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Looking for a few good men (and women)

Despite Defense Secretary Robert Gates' war on Pentagon waste and the use of contractors, the battle for cleared and qualified people continues between the military and the private sector.

What does the competition mean? To try to answer this question: take a look at mammoth defense contractor SAIC and its hunt for new employees.

The McLean based-company, the most active company in Top Secret America, is trying to lure job candidates - only those with top secret clearances need apply - who are highly qualified in special operations, the core of fighting in the war against terror.

SAIC is holding a two-day job fair at the Double Tree Hotel in Fayetteville, near the Fort Bragg military base - which is home to U.S. Army special operations and the super-secret Joint Special Operations Command. That say some watchdogs and Congressional leaders gives the impression that the private contractor is poaching from the government's pot of highly skilled and trained workforce.

According to SAIC's ad for the job fair it is looking for project managers, systems engineers, information technology certified professionals, documentation specialists, disaster recovery administrators, and data architects. Submit resume, information on your active top secret clearance, and your salary requirements, states the ad.

It goes on to say that the hired employees will work to support the SOCOM (U.S. Special Operations Command) Special Operations Forces Information Technology Enterprise Contracts (SITEC). In English, SAIC is seeking employees to provide the backbone information technology services to the special operations community.

An SAIC spokeswoman didn't return calls and e-mails asking for more details about the job fair and whether we could attend.

Some watchdogs and Congressional leaders argue that SAIC is stealing talent that the federal government paid to train and selling it back to them. They point out that training special operations forces is particularly expensive, and with the expansion of special forces ranks, qualified uniformed operators are valued personnel.

"It's inevitable that the private sector will recruit people in the government to then sell back to the government the services of the private sector," said Gordon Adams, the head of national-security budgeting under President Clinton. "It is a classic figure eight where people can move from one to another."

"They are basically recruiting people who are doing SOCOM work to come work in the private sector who then go back and do similar work for SOCOM," Adams said. "SAIC is betting that the more people with top secret clearances it can get, the better off it is. It can hire them right away and then sell them back to the government so they can do a job they were already doing."

Rep. David Price (D-NC), who represents the area near Fort Bragg and has pushed for more accountability of government contractors, said in a statement, of the SAIC job fair near Bragg, "There's little question that our Armed Forces have lost many qualified personnel in recent years to the lure of private contractors offering lucrative salaries for the same type of work."

Price, who is chairman of the Homeland Security appropriations subcommittee, argued that "in many cases, contractors are more expensive and less accountable than official government personnel."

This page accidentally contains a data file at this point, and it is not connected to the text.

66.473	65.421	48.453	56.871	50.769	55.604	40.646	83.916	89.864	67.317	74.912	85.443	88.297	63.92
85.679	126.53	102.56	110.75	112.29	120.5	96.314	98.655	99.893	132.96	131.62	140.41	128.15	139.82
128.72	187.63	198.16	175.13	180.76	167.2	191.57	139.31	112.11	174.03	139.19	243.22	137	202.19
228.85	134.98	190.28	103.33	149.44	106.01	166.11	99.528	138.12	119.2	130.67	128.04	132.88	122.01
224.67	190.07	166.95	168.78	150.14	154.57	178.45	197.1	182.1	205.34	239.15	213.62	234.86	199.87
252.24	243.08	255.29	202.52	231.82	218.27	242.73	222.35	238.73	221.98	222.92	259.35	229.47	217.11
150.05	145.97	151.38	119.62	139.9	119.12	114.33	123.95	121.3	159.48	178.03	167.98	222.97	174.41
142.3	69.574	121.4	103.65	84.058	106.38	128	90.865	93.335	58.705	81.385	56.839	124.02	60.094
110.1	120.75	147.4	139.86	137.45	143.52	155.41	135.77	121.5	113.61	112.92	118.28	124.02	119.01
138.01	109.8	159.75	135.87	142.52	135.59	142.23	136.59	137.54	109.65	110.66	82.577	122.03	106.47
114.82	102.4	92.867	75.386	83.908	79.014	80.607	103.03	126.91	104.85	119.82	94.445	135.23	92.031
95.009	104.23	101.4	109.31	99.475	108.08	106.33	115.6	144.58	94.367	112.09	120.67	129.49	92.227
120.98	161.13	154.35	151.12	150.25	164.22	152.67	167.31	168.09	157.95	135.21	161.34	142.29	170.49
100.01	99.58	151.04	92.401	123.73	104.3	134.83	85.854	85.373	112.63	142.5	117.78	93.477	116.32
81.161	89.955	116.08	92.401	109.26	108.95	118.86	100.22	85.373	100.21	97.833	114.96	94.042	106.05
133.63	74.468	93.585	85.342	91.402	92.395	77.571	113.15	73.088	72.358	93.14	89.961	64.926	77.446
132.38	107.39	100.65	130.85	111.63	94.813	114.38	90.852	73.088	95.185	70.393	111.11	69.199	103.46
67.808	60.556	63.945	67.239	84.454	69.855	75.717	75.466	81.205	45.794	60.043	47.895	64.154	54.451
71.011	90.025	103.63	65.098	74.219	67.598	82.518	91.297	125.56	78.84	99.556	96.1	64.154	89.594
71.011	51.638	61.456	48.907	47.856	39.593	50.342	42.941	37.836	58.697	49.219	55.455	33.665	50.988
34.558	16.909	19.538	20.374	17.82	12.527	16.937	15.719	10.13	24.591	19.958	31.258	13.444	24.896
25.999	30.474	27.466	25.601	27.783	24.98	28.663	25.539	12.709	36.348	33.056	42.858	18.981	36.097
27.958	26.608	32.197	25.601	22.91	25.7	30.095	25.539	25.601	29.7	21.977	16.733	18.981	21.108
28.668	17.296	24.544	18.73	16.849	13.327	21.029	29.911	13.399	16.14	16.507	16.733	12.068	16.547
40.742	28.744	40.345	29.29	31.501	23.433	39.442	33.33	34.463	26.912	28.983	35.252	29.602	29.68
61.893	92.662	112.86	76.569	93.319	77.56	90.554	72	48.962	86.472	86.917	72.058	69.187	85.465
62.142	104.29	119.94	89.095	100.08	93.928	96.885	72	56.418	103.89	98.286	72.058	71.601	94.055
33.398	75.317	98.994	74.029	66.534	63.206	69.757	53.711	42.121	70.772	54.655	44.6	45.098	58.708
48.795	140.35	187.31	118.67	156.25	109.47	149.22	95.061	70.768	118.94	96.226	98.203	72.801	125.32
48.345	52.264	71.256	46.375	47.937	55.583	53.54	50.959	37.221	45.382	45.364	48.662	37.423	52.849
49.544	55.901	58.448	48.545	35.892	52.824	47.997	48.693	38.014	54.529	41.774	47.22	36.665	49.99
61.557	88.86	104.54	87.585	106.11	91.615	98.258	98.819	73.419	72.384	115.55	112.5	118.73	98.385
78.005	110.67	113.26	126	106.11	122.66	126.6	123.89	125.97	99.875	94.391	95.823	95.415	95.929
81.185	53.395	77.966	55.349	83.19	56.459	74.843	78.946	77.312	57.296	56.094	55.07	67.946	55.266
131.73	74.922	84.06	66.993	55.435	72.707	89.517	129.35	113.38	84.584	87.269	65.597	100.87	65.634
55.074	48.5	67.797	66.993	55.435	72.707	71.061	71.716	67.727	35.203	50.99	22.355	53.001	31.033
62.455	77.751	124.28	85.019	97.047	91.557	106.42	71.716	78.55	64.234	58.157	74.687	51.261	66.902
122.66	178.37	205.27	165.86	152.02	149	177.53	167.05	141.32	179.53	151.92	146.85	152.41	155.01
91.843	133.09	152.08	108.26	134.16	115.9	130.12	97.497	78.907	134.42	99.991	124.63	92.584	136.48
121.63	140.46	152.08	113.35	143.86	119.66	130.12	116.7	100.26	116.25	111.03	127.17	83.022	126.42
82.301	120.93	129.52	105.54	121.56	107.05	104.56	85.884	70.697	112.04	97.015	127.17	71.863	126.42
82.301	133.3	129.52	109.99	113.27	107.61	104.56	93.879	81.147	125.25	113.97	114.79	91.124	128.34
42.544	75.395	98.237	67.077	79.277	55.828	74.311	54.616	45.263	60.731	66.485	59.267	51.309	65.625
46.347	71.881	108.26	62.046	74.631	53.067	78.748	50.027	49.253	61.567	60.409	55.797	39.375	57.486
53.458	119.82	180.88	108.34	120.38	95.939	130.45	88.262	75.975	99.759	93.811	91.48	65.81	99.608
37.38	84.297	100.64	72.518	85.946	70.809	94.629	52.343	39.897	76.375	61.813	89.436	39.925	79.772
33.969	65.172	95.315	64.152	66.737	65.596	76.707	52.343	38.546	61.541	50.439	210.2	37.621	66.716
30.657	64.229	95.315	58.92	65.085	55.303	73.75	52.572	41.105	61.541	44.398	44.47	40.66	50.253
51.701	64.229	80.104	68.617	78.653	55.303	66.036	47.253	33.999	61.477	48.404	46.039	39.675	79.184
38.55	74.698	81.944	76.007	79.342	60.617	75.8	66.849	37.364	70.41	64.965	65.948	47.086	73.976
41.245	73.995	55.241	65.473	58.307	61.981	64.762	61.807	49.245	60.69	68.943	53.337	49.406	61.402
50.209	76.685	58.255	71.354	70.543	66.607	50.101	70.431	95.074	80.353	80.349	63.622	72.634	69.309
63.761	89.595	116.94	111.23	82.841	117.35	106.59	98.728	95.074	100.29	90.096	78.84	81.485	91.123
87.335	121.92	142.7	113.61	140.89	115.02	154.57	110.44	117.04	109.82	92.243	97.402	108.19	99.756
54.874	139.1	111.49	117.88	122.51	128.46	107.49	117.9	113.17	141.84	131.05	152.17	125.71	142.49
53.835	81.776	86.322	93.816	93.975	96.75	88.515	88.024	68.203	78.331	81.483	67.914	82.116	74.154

SOCOM, however, says it isn't concerned.

Maj. Wes Ticer, a spokesman for SOCOM, said in an e-mail, "Those positions in USSOCOM IT department are performed by contractors," referring to the job candidates SAIC wants. "As such, we do not see this job search as an issue affecting retention of members of the special operations community," he said.

Still, Adams and other national security and contracting experts said the relationship between SAIC and SOCOM is exactly what Gates is trying to get rid of with his announcement this week to cut back funding for the use of private contractors for work.

The key to making Gates' savings plan work is not to replace the work outside contractors perform by hiring civil servants, according to Adams.

"He's going to have to hire people in the government or retain the very people SAIC is trying to take away and pay more than he can," Adams said. "That's not really saving, so for the dollars to really disappear, the entire DOD budget has to shrink and the department has to do less."

Others say they don't see SAIC's recruitment near Bragg as a big issue. In fact, they say the military has run ads encouraging those enlisted to get specialized computer skills so they can be considered more valuable when they get out and go work in the private sector.

The Special Forces Association, a nonprofit group based in Fayettville that has 10,000 members who are active or retired Special Forces personnel, said it sees little problem in SAIC recruiting so close to the military base.

"If they require someone with a clearance this is where you're going to find them," said an administrative director at the Special Forces group who asked that his name not be used. (Why no name? He's special forces and wouldn't say.) He said many career military personnel find that once they retire in their 40s, they're still young enough to go get another job -- in some cases with a contractor making a lucrative salary.

"Is SAIC stealing people from Fort Bragg special ops?" the director asked. "I don't think they are."

"These are not 19-year-old kids you're talking about here," he said. "They're not shopping at this stage in their life; they're career professionals with special skills."

By Dana Hedgpeth  |  August 12, 2010; 9:30 AM ET
 
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Comments

the financial shell games continue

Posted by: sapphire808 | August 16, 2010 4:46 PM | Report abuse

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